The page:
What was, and still is, not so easy for me, was to get into Jewish music. (Please note, I didn’t write “stop listening to non-Jewish music”.) The first few power cords on an electric guitar, the overpowering base, the fasth drums…these elements were missing in Jewish music when I was becoming frum. For the most part they are still missing. I have a theory about that, but we’ll save it for the comments section, if there are comments.

This issue is a constant hashkafic struggle for me and I’ll explain why.

What we eat or the parameters of what we can do on Shabbos are clearly defined within Halacha. It’s the ‘grey areas’ like music that are at times an issue. I real issue for me had nothing to do with the style of music, or the lyrics (I was always careful about lyrics).

For me this issue is that once I get a taste for the music, it’s a challenge for me to stop listening. I simply want more. When I do stop, then I’m constantly left wondering why can’t I find a Jewish version of punk? Where’s the musical energy? Where was the intesity of a punk rock show? There are some options to listen to (see my blogger profile), but not too many.

At the end of day I made a choice. I chose to indulge in 2 minutes and 38 seconds of auditory memories. I picked a song that was about not wasting time and making the most out of life. A very positive message, I think. And I was impressed that I didn’t ‘cave in’ and actually play both disks. The idea crossed my mind all day.

I was (am) plagued by fact that I felt I needed to resort to non-Jewish music to get me going, as I entered Sukkos. The first night, while sitting in my sukkah I was truly happy. It was freezing, but also great singing and listening to other families sing in the neighborhood. The block behind us has 4 or 5 frum families and each family was singing. It was like an unplugged battle of the bands!!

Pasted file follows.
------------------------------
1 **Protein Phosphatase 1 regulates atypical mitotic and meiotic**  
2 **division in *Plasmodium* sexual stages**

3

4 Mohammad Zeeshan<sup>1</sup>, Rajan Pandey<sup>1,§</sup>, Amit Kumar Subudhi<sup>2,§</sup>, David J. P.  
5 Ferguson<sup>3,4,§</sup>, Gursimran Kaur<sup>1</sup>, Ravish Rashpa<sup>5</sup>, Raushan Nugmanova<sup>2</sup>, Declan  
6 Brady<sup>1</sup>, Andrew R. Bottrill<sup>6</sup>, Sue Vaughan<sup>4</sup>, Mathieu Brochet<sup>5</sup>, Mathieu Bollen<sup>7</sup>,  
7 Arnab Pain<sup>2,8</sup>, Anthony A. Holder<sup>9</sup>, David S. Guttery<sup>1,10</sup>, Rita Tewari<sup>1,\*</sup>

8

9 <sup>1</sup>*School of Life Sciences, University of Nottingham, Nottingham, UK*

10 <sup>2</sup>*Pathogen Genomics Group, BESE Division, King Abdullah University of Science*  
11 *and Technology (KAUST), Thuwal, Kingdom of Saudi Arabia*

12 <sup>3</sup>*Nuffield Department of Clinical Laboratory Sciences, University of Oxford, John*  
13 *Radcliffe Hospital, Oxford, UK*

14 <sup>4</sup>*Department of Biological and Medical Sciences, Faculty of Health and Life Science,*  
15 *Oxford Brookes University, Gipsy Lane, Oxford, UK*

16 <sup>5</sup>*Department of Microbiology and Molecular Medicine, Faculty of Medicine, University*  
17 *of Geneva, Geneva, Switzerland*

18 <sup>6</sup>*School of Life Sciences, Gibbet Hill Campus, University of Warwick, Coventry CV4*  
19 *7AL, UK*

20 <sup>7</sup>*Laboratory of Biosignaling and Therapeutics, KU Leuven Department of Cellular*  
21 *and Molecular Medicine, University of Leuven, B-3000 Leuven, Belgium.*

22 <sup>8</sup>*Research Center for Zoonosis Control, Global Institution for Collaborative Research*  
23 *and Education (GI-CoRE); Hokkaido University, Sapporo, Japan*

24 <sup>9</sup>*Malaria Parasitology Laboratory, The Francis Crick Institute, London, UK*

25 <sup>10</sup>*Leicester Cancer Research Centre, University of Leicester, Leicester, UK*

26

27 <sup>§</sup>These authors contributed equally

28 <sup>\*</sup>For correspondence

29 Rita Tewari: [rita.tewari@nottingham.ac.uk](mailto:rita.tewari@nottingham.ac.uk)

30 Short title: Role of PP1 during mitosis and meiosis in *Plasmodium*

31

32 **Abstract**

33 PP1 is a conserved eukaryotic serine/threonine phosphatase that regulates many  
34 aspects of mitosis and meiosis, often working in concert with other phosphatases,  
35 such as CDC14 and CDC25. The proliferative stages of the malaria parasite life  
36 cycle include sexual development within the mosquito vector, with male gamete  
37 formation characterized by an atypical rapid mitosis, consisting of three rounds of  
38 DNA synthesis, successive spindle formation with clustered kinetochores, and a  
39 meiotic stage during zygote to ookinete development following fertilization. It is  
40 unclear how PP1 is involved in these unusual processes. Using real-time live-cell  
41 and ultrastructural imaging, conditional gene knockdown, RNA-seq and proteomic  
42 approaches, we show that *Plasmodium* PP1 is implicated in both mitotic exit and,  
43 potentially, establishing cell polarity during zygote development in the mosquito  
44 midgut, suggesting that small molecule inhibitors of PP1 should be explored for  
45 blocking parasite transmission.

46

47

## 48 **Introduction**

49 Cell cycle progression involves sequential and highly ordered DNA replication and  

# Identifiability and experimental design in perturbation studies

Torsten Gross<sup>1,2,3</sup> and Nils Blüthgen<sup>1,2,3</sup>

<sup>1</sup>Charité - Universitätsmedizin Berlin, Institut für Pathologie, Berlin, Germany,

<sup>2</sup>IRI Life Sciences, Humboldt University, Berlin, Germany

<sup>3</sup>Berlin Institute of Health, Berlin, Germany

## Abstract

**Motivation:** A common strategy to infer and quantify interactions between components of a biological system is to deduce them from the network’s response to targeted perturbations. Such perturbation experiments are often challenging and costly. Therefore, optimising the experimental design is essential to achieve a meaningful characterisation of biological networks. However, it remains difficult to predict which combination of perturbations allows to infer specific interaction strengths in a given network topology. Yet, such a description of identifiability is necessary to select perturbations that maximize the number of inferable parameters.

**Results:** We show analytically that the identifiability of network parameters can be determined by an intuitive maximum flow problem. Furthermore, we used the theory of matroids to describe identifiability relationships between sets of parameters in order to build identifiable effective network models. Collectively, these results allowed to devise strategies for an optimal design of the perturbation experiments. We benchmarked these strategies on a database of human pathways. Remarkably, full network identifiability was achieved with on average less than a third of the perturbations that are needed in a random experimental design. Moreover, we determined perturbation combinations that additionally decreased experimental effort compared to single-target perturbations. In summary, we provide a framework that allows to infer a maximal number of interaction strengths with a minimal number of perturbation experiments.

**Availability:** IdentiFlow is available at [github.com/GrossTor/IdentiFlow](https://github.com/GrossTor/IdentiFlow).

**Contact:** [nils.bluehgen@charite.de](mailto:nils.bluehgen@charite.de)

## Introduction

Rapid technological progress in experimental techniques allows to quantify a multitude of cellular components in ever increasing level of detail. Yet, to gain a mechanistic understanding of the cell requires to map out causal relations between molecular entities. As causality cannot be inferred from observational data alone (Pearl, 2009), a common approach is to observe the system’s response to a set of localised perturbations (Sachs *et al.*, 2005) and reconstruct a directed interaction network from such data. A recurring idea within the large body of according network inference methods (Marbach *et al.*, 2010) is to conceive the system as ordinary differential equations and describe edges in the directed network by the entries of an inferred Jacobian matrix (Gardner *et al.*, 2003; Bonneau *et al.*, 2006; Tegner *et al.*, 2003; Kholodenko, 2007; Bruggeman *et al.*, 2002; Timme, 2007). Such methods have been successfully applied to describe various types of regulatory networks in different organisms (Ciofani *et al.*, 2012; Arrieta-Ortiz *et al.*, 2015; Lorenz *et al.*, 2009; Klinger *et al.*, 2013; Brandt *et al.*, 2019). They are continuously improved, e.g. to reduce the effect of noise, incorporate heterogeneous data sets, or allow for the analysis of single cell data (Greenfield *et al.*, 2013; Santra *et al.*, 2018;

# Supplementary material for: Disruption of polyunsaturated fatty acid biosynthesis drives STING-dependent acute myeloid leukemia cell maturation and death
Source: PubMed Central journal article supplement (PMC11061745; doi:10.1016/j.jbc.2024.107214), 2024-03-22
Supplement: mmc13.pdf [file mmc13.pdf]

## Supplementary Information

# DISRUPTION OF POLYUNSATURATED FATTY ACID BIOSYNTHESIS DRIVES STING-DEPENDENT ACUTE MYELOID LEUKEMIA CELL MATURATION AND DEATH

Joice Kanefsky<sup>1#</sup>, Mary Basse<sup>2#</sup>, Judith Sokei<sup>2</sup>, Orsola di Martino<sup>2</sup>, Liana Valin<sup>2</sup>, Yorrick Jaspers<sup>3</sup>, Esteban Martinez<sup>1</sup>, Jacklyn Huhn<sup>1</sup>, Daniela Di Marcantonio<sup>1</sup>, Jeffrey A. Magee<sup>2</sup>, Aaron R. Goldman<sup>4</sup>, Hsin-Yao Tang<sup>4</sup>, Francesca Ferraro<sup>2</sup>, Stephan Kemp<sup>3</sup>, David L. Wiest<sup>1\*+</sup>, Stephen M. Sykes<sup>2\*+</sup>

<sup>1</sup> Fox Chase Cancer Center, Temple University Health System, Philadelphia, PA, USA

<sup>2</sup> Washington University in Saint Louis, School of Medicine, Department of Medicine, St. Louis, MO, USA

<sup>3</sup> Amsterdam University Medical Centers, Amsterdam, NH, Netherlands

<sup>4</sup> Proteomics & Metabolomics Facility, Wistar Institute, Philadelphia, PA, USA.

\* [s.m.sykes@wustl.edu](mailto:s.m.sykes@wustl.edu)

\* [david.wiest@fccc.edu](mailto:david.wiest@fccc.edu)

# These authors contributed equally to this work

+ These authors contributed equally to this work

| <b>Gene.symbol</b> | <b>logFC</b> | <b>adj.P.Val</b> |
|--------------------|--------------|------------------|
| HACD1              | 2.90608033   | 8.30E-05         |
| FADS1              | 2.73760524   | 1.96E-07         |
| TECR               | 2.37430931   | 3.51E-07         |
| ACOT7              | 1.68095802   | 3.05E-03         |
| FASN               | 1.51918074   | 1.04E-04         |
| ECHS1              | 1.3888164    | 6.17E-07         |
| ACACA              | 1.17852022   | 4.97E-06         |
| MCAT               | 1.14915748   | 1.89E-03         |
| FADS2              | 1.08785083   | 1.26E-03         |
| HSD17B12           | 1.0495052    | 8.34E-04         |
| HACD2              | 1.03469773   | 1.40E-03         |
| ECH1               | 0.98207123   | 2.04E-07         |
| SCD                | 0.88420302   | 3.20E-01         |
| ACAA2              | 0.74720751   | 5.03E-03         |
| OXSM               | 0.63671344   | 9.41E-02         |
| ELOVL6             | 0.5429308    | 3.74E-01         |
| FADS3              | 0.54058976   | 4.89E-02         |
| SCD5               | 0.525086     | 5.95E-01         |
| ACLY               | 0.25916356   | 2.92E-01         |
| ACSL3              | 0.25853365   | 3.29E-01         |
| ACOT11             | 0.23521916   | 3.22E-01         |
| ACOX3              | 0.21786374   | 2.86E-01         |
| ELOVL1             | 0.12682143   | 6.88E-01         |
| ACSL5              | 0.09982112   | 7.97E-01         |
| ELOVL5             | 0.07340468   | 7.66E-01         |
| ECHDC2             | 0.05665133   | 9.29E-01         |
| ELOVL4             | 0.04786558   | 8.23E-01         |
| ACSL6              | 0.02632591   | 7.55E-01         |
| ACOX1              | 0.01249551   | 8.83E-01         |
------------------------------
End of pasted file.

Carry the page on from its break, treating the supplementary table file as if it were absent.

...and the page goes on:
During the week I went to two Simchas Beis HaSho’evos, “How could I go wrong, I thought?” Live music…a singer…a drummer…an electric guitar!! It was fun, loud, but it really didn’t give me the fix I needed. Something was missing.

Enter Simchas Torah. For me, this year was great. Mostly because I enjoy dancing with my kids and seeing my wife smile and enjoy the scene I make. Going to a few different shuls on Simchas Torah is kind of like a full day music festival with different stage locations. Each shul has their own flavor of hakafos. Every one sings slightly different songs, different niggunim, and the intensity of dancing varies from place to place. Back in high school. we use to dance, ok slam dance, in a circle…just the guys. It was a feather in one’s cap if you knocked over someone. Now, when I dance with guys (like on Simchas Torah) and I bump into someone I say, “I’m sorry. I hope you’re alright”.

Memories of concerts, cassettes, and CDs (most of them sold) are replaced with other memories: Singing V’li Yerushalyim (the D’veykus version) with friends in the Old City one Motzei Shabbos, hearing Hafachta by the Diaspera Yeshiva Band for the first time, the first time I saw Yosi Piamenta play at the Knitting Factory (before they moved Downtown), watching my kids sing and dance the last time we saw everyone’s favorite uncle…Uncle Moishy.
Gone are the combat boots (still in the closet until the first snow) and on is the black Shabbos hat. I choose to prove my independence and free-thinking though Torah, Avodah, and Gelimus Chasadim, rather than with safety pins, a can of Aqua-Net, and an in-your-face aversion to authority.